The Business of Local Newspapers

Local newspapers have long teetered on the edge of survival, at risk of relegation to a picture postcard England past, where cub reporters cover village fetes, write the splash on local crime and all before tea time. So the announcement that local publisher Johnston Press is being bought out has triggered further analysis on the future for local news. Facebook has stepped up with a suspiciously well time announcement of £4.5m, to hire and train 80 people as community reporters. Johnston Press is reportedly one of three local publishers in conversation with the social media giant. 

NewspapersAs a former local journalist, I trained on the job, penning crime news when the local PC came in with a list of jobs they were actively ‘investigating’, while local politics was learnt in the town hall covering lengthy council meetings. I was professionalised with formal training in Newcastle, one floor below editorial offices boasting one newspaper for the morning and another for the evening news. We were told to ask questions, be curious, polite and never accept ‘no comment’.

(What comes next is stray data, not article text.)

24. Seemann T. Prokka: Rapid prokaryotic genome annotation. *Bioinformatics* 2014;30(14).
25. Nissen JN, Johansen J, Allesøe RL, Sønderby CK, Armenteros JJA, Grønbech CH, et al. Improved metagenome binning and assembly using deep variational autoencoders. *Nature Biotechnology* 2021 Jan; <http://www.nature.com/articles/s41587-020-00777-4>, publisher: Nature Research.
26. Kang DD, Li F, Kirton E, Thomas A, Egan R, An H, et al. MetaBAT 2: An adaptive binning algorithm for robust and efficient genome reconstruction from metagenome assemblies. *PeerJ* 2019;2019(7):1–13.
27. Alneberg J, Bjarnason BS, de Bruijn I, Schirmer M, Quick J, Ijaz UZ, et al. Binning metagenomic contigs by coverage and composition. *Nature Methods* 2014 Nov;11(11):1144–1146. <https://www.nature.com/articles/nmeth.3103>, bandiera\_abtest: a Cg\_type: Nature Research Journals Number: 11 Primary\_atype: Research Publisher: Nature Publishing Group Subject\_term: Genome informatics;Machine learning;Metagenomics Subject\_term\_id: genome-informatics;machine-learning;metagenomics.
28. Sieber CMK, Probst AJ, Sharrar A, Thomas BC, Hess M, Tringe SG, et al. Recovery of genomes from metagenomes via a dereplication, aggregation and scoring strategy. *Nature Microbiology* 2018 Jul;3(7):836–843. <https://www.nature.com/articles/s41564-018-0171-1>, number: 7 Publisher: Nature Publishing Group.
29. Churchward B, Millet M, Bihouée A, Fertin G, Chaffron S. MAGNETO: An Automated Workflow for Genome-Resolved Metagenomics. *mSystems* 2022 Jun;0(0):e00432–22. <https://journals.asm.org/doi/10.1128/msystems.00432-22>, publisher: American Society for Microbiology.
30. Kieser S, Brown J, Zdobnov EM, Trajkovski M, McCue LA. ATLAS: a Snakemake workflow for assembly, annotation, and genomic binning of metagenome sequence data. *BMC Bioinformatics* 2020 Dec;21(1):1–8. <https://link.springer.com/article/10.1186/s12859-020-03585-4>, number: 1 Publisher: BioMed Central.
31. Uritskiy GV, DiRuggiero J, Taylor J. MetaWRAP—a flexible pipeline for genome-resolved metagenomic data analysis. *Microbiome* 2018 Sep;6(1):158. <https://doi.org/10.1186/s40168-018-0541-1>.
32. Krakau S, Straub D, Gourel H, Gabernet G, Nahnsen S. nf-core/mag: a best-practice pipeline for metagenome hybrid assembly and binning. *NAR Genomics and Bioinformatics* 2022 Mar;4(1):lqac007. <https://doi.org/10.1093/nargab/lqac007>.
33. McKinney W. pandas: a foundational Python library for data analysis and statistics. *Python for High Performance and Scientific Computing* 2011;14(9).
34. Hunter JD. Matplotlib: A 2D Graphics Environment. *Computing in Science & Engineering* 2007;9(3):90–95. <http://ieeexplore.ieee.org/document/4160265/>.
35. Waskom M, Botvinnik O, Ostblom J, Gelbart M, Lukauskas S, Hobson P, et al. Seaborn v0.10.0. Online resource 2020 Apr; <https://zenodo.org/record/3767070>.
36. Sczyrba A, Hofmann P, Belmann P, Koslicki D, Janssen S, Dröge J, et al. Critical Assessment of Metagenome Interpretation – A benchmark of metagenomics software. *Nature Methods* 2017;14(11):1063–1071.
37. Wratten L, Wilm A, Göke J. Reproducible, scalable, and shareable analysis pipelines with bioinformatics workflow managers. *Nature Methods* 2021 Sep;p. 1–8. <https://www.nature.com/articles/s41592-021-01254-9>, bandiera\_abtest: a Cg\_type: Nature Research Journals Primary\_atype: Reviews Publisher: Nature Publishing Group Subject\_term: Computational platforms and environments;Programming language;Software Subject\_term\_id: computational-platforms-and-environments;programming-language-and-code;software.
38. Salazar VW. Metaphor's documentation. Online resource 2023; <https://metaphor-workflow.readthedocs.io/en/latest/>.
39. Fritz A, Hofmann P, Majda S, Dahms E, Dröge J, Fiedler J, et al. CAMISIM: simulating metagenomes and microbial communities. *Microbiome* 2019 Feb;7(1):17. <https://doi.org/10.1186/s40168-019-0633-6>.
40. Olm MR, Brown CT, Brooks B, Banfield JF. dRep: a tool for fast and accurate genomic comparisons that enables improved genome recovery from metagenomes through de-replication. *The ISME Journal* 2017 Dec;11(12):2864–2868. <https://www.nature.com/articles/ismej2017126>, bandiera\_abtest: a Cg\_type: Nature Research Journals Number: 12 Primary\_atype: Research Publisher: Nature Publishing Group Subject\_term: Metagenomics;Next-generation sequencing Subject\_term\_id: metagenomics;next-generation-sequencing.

Twinned with considerable knowledge about ‘their patch’ local journalists are formidable opponents for any company or politician who finds themselves locked in their sights. The interview becomes a sustained grilling, where unrehearsed key messages struggle to be heard in the face of local campaigning. But local journalism is also a unique showcase for organisations to highlight achievements, securing valuable awareness and support. A site tour of new factories, interviews with staff who power a business toward a record year and the personal account of individuals whose campaigns effect positive change.  As local newspapers face an uncertain future, we cannot afford to sleep walk into a situation where they are a story of the past.

Article by Jess Mangold